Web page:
Also, things like adaptogens. I’ve added a lot of adaptogens into my normal routine. A cool trick that I have that works really, really well, I’m curious if you’ve ever tried it, is about 30 minutes before bed, laying against, on the ground, with your butt basically up against the wall, your feet straight up against the wall, and basically getting those arteries in your leg completely vertical, and then doing 4, 7, 8 breathing. So breathing in for four, holding for seven, and then breathing out for eight. And that combination seems to reduce cortisol, which helps improve melatonin, and it naturally kind of encourages the sleep cycle. That one, when I remember to do it, has been a really big difference for me. And then my husband and I usually drink reishi, some form of reishi tea, or sleep herbs at night to help, but just, I completely echo what you said, like, sleep is the most important thing.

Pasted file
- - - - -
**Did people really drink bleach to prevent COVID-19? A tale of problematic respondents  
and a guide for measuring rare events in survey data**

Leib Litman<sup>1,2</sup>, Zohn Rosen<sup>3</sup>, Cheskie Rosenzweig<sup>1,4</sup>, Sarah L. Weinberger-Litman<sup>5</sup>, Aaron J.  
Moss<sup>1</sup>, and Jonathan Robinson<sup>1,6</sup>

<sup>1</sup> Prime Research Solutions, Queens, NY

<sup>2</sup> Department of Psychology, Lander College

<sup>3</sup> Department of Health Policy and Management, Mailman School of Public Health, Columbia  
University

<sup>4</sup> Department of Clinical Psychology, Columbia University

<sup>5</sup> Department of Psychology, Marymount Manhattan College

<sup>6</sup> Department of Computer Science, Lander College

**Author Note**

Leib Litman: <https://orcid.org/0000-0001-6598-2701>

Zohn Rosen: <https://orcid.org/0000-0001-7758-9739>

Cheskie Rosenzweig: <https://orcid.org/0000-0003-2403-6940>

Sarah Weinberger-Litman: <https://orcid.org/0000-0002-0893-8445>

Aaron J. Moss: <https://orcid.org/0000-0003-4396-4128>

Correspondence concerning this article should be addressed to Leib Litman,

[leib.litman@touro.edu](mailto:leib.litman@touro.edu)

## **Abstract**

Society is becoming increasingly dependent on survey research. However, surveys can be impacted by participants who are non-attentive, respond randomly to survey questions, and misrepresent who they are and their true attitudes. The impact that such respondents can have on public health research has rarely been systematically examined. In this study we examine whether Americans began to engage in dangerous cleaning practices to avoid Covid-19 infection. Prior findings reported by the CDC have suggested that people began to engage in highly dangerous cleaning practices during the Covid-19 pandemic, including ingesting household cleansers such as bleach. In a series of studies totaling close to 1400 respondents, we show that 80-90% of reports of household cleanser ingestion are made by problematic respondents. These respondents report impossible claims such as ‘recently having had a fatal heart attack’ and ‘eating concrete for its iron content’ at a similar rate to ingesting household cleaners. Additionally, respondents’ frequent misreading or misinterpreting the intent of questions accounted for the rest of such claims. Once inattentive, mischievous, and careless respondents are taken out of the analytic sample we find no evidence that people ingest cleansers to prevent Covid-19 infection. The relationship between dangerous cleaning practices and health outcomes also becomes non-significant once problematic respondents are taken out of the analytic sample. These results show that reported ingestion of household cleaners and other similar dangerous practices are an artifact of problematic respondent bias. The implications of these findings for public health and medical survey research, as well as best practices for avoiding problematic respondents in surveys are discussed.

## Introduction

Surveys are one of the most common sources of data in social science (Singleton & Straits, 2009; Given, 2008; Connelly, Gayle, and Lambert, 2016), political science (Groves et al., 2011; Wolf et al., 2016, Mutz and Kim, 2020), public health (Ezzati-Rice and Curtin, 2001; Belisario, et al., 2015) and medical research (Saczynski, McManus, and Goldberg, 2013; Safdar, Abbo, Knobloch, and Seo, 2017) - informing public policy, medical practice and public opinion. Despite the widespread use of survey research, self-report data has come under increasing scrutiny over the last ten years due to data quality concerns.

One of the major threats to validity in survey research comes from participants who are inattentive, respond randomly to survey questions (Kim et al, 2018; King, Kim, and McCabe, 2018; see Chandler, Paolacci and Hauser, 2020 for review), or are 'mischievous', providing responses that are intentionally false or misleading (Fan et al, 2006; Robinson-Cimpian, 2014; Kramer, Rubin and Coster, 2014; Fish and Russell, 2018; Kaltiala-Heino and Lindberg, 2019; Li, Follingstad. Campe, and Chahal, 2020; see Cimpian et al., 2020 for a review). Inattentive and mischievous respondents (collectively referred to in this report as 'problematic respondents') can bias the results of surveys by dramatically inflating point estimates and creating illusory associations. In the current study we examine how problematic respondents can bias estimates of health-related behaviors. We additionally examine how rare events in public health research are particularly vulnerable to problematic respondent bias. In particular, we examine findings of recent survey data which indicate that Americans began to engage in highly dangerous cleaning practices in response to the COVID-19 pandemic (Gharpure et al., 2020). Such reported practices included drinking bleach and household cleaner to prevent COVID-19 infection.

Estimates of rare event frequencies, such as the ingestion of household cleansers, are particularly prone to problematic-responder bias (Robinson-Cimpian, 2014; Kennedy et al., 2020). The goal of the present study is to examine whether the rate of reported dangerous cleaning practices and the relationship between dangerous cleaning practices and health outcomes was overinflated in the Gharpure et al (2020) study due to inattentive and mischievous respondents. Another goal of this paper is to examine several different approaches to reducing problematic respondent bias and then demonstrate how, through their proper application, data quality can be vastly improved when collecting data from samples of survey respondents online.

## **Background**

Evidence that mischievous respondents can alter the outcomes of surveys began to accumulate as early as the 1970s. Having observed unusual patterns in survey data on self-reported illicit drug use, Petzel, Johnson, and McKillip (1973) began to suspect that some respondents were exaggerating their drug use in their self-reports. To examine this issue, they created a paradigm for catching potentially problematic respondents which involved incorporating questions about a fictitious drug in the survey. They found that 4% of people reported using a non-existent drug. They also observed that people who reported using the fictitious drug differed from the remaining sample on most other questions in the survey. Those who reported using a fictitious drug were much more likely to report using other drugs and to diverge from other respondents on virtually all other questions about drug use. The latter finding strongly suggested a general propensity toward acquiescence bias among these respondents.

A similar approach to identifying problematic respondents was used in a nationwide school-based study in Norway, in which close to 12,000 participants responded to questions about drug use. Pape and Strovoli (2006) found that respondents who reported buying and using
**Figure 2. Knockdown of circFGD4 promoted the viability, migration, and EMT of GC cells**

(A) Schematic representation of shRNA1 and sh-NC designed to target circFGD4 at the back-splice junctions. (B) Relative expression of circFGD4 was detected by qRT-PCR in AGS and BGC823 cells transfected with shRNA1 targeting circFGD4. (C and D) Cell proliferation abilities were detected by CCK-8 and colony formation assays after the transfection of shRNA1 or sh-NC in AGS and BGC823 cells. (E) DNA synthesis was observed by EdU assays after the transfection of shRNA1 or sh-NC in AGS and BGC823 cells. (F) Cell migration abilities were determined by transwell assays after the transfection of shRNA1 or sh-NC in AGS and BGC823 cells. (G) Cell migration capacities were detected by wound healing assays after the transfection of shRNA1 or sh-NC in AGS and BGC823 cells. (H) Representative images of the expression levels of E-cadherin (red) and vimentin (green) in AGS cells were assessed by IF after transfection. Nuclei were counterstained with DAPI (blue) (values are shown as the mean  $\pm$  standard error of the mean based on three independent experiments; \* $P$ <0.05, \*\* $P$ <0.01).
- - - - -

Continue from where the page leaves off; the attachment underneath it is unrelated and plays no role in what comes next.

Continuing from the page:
Colleen: And you’ve definitely given me some new tips to try. I love the idea of some reishi tea, and I tend to go for, like, a calming one at night. I’m definitely gonna give that a try. And while I’ve not tried the particular breathwork exercise that you mentioned, I think that breath work is gonna be something that’s just gonna have such a huge surge in interest, whether it’s for helping to wind down, or just people really trying to breathe properly. For both relaxation or just optimization in life. I tend to do some ones where you have a much longer exhale than you do inhale. Because typically I’ll use breath work as a way to reduce stress or anxiety. But I love the idea of trying it before bed. That’s a great idea.

Katie: Another thing we have in common, and I would love to get your tips on, I’m guessing a lot of people might have in common with us right now, is working with your spouse, both in a very physical sense, and also getting on the same page when it comes to health and well-being. I know a lot of people personally, who, now, all of a sudden, are both working from home, both spouses are working from home, and they’re having to learn to navigate that kind of new and interesting dynamic. And you and I both work with our husbands already. So I’d love to hear any tips you have for navigating that, and how you guys are making it work, especially right now.